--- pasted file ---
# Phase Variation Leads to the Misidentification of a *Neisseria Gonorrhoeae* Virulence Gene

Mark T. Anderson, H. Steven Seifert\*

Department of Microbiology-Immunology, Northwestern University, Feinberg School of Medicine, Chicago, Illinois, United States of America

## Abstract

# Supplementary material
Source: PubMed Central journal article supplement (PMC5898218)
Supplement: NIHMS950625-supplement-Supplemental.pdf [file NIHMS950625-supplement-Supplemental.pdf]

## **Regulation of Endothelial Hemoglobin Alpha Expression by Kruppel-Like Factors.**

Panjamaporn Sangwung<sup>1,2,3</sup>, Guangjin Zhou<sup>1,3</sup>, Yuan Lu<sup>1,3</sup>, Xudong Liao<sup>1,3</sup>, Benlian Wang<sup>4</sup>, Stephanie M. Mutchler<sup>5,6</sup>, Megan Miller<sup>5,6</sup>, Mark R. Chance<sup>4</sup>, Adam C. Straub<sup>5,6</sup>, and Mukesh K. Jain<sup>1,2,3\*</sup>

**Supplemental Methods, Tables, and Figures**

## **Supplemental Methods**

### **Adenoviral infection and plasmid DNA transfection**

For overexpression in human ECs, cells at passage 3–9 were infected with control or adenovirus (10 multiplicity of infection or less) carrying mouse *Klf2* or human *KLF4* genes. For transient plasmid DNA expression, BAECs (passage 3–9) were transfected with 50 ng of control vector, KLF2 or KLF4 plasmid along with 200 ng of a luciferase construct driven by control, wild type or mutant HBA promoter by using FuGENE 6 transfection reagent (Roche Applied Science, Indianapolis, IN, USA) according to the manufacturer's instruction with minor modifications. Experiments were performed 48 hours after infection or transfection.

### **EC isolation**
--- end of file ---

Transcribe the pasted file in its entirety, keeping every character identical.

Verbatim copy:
# Phase Variation Leads to the Misidentification of a *Neisseria Gonorrhoeae* Virulence Gene

Mark T. Anderson, H. Steven Seifert\*

Department of Microbiology-Immunology, Northwestern University, Feinberg School of Medicine, Chicago, Illinois, United States of America

## Abstract

# Supplementary material
Source: PubMed Central journal article supplement (PMC5898218)
Supplement: NIHMS950625-supplement-Supplemental.pdf [file NIHMS950625-supplement-Supplemental.pdf]

## **Regulation of Endothelial Hemoglobin Alpha Expression by Kruppel-Like Factors.**

Panjamaporn Sangwung<sup>1,2,3</sup>, Guangjin Zhou<sup>1,3</sup>, Yuan Lu<sup>1,3</sup>, Xudong Liao<sup>1,3</sup>, Benlian Wang<sup>4</sup>, Stephanie M. Mutchler<sup>5,6</sup>, Megan Miller<sup>5,6</sup>, Mark R. Chance<sup>4</sup>, Adam C. Straub<sup>5,6</sup>, and Mukesh K. Jain<sup>1,2,3\*</sup>

**Supplemental Methods, Tables, and Figures**

## **Supplemental Methods**

### **Adenoviral infection and plasmid DNA transfection**

For overexpression in human ECs, cells at passage 3–9 were infected with control or adenovirus (10 multiplicity of infection or less) carrying mouse *Klf2* or human *KLF4* genes. For transient plasmid DNA expression, BAECs (passage 3–9) were transfected with 50 ng of control vector, KLF2 or KLF4 plasmid along with 200 ng of a luciferase construct driven by control, wild type or mutant HBA promoter by using FuGENE 6 transfection reagent (Roche Applied Science, Indianapolis, IN, USA) according to the manufacturer's instruction with minor modifications. Experiments were performed 48 hours after infection or transfection.

### **EC isolation**